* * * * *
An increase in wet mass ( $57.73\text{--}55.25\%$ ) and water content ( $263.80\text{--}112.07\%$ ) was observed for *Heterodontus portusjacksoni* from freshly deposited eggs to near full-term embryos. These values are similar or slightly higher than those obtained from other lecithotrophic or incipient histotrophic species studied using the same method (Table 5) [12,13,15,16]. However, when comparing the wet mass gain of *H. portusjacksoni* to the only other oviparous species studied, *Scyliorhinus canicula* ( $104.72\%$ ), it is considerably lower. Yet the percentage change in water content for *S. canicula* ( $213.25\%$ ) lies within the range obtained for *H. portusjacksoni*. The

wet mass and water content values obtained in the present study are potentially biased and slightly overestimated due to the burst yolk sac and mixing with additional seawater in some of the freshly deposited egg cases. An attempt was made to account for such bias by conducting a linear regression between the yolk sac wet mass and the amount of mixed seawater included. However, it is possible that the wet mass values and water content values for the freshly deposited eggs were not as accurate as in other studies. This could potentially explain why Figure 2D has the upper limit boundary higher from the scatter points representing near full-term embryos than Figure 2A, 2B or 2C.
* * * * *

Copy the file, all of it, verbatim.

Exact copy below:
An increase in wet mass ( $57.73\text{--}55.25\%$ ) and water content ( $263.80\text{--}112.07\%$ ) was observed for *Heterodontus portusjacksoni* from freshly deposited eggs to near full-term embryos. These values are similar or slightly higher than those obtained from other lecithotrophic or incipient histotrophic species studied using the same method (Table 5) [12,13,15,16]. However, when comparing the wet mass gain of *H. portusjacksoni* to the only other oviparous species studied, *Scyliorhinus canicula* ( $104.72\%$ ), it is considerably lower. Yet the percentage change in water content for *S. canicula* ( $213.25\%$ ) lies within the range obtained for *H. portusjacksoni*. The

wet mass and water content values obtained in the present study are potentially biased and slightly overestimated due to the burst yolk sac and mixing with additional seawater in some of the freshly deposited egg cases. An attempt was made to account for such bias by conducting a linear regression between the yolk sac wet mass and the amount of mixed seawater included. However, it is possible that the wet mass values and water content values for the freshly deposited eggs were not as accurate as in other studies. This could potentially explain why Figure 2D has the upper limit boundary higher from the scatter points representing near full-term embryos than Figure 2A, 2B or 2C.